The other day I introduced the idea that Fan Graphs provides an interesting stat that calculates a player’s value on the free agent market for the season. According to them, the values are calculated based on a value system that takes into account factors such as hitting, fielding, position, etc. You can read all the details about the calculations here:
Read Dave Cameron’s Seven Part Series: Explaining Win Values
Read Dave Cameron’s Seven Part Series: Pitching Win Values Explained
Obviously, it doesn’t appeal to everyone to touch on all of the 14 part series that Dave took the time to compose. Most simply care about the results. That said, I decided to put the values of the positional players and pitchers for the 2009 team into a table and compare them to see which players outplayed and underplayed their 2009 contract value. Without further ado, here are the results along with my thoughts on what I found after compiling it:
- NOTE – Milton Bradley’s contact is listed at $5 mil, which is what the contract was valued at. Looking at it that way, he outperformed his contract. It’s important to note that he received a $4 mil bonus when he signed the contract. That puts the total value amount of the contract for 2009 paid out at $9 mil, which means in reality he underperformed. It’s all about how you want to look at it. Considering the fact that it’s all but certain that he’ll be playing elsewhere next year, I feel it’s important to look at the signing bonus in full as part of 2009.
- Question I had when compiling: “How in the world can you have negative dollar value?” I wrestled with this one a little and couldn’t wrap my hands around what I needed to do with these values that were negative. Should I just make them zero? Should I leave them as negative? Then it hit me. While it’s not possible for a player to actually have a negative contract (essentially paying the team for the right to play), it seems reasonable that a player could have that type of value. Hear me out for a second. Think about if I played 160 games for the team and Lou marched me out there each and every day. My guess is I’d finish with 1 hit, and that’s a big time maybe. I’d be playing for the league minimum salary, which we’ll call $500K for the sake of argument. I can’t see my value being anywhere near something that deserves any compensation whatsoever. In fact, if I played all year and got 600+ plate appearances and only managed a single hit it would be safe to declare me the worst player in the history of the game. I’d say that would be negative value. In fact, it would be so negative that in order to get me such an opportunity, I’d essentially have to pay the team to give me that opportunity. All that said, that seemed to indicate to me that a player with “negative” value was a player who’s production and value to the team was that of someone that the team would have been better without.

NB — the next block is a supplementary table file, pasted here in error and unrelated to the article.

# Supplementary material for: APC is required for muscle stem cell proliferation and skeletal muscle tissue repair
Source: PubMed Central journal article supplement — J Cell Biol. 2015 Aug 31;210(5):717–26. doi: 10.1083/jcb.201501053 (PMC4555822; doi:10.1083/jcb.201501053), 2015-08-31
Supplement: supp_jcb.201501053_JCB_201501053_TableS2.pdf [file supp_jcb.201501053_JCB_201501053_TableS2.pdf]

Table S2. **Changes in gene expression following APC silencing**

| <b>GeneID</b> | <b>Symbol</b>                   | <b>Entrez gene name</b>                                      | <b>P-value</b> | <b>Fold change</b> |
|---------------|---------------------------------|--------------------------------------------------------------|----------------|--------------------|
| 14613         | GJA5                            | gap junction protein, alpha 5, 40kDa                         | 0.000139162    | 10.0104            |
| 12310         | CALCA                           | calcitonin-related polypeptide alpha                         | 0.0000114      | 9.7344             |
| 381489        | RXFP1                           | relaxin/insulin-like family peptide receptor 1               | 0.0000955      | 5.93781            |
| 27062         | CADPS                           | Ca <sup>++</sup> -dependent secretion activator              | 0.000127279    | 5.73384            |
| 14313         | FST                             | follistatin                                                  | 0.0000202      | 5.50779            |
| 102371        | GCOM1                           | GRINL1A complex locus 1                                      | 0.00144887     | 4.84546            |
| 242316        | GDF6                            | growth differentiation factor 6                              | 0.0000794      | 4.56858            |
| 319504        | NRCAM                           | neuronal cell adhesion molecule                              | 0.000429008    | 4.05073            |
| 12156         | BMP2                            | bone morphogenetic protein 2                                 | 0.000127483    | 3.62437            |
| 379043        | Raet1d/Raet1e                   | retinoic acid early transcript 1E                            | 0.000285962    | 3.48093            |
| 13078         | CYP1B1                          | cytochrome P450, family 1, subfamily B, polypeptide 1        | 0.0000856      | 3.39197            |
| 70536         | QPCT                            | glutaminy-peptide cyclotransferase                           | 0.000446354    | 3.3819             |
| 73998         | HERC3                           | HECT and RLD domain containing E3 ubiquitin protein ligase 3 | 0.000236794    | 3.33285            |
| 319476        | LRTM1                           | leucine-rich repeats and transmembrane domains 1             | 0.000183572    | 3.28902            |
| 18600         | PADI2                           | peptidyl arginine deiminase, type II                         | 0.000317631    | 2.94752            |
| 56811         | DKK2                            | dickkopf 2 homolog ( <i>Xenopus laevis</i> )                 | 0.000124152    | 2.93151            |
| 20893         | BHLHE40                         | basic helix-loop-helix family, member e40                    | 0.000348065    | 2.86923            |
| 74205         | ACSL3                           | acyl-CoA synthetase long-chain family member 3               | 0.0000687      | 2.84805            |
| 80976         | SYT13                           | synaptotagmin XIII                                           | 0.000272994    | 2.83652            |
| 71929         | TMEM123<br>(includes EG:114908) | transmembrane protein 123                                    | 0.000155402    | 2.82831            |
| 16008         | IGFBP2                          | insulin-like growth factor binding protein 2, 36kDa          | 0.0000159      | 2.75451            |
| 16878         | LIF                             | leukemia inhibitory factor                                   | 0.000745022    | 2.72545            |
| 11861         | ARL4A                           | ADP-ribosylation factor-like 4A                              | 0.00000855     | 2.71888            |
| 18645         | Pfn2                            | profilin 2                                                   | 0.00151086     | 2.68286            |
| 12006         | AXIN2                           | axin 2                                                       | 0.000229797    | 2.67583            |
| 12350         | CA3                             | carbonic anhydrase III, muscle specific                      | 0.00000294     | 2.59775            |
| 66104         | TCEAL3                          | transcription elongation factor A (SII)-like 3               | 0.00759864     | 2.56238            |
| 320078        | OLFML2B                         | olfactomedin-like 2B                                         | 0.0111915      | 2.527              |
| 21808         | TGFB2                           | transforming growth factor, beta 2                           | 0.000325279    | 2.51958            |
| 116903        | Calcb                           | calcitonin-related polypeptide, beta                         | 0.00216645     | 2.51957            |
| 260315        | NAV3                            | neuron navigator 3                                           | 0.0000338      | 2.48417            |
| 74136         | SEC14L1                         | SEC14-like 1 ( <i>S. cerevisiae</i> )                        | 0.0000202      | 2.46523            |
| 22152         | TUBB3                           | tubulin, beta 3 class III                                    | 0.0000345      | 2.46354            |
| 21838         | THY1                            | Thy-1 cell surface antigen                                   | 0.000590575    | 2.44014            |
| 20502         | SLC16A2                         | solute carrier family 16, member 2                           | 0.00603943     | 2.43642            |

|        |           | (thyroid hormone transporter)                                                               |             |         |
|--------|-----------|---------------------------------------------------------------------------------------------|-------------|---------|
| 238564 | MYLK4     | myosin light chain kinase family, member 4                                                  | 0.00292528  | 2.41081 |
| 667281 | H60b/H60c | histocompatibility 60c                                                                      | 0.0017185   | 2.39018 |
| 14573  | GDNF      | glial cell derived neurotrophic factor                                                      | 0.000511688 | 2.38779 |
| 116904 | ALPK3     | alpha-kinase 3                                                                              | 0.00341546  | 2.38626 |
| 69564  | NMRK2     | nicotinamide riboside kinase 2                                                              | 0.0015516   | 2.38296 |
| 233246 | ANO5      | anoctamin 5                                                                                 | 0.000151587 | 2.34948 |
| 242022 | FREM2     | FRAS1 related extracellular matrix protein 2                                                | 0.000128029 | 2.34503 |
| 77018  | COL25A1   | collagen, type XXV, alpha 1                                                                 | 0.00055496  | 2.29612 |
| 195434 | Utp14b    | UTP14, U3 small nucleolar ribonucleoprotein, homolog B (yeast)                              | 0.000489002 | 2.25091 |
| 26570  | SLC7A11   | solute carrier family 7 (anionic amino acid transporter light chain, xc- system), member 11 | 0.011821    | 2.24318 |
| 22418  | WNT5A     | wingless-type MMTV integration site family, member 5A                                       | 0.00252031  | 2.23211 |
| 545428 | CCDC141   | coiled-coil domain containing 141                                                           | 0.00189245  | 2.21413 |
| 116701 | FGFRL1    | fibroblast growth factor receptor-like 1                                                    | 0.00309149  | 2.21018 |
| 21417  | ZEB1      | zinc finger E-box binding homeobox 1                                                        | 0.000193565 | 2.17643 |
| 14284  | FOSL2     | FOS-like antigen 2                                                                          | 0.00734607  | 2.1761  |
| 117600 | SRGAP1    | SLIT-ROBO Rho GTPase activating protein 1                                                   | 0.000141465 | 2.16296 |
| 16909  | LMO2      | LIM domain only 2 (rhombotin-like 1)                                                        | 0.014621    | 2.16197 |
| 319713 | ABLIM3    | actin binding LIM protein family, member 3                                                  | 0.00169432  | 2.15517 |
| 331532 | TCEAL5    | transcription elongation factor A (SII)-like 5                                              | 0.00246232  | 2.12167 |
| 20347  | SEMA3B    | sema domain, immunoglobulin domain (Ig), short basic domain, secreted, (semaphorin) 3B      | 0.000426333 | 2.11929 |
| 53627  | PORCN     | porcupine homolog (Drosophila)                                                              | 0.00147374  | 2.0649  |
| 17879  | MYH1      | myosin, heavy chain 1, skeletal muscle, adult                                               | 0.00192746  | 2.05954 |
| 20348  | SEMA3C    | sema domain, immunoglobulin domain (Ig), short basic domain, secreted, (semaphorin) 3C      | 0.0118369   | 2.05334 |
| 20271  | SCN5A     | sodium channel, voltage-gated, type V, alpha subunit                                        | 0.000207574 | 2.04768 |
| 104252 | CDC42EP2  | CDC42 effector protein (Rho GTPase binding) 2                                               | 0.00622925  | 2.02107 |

- It pays to get production from the kids – One of the great things about baseball (in my opinion) is the fact that there is a salary structure that prevents the vast majority of players to get filthy rich without proving something on the field first. Sure there will always be top picks that get big league deals with large signing bonuses, but the bulk of players that enter the league do so at the league minimum for the first three years of their career and even then are subject to an arbitrator before getting any significant raise. Because of this, it’s imperative that you get big production from the small salary guys. Doing so allows you to fill the holes with high priced guys via trade or free agency. The Cubs didn’t do that enough in 2009. Looking at the hitters table, only Ryan Theriot, Jeff Baker and Geovany Soto outplayed their low contracts by a substantial amount. On the pitching side, Wells, Marmol and Marshall were the only ones to post $2+ mil overages. For this team to be successful going forward, it’s imperative that the Cubs get more value from the low salary guys as we will only see some of the big deals like Soriano’s get larger and larger as the back loaded contracts come alive.
- Just Plain Wow – Everyone points the finger at Bradley for his poor production, but looking at the numbers, it appears that the hatred is overwhelmingly more deserving for Soriano. It’s absolutely astounding to see the drop in production we saw from Soriano and coupled with the crazy salary we paid for that, it’s no wonder his net value is negative almost $20 mil. Imagine what could have happened with that money.
- Surprise Surprise – There were a few values that surprised me a little. Harden outplaying his contract and considering his injury history, perhaps the Cubs might be best served to offer arbitration for the sake of getting the compensation pick if someone signs him. The worst that could happen is we’re stuck with him for the year and I think the Cubs could make a good case to the arbiter that he’s a risk and not worth a huge raise. Sam Fuld played really well down the stretch and probably deserves a shot as the backup OF next year. Jake Fox really tailed off down the stretch and probably wasn’t worth as much hype and love I gave him. I’m still a big fan of him, but perhaps it’s best to shop him.
What are your thoughts after looking at the numbers? Let’s discuss.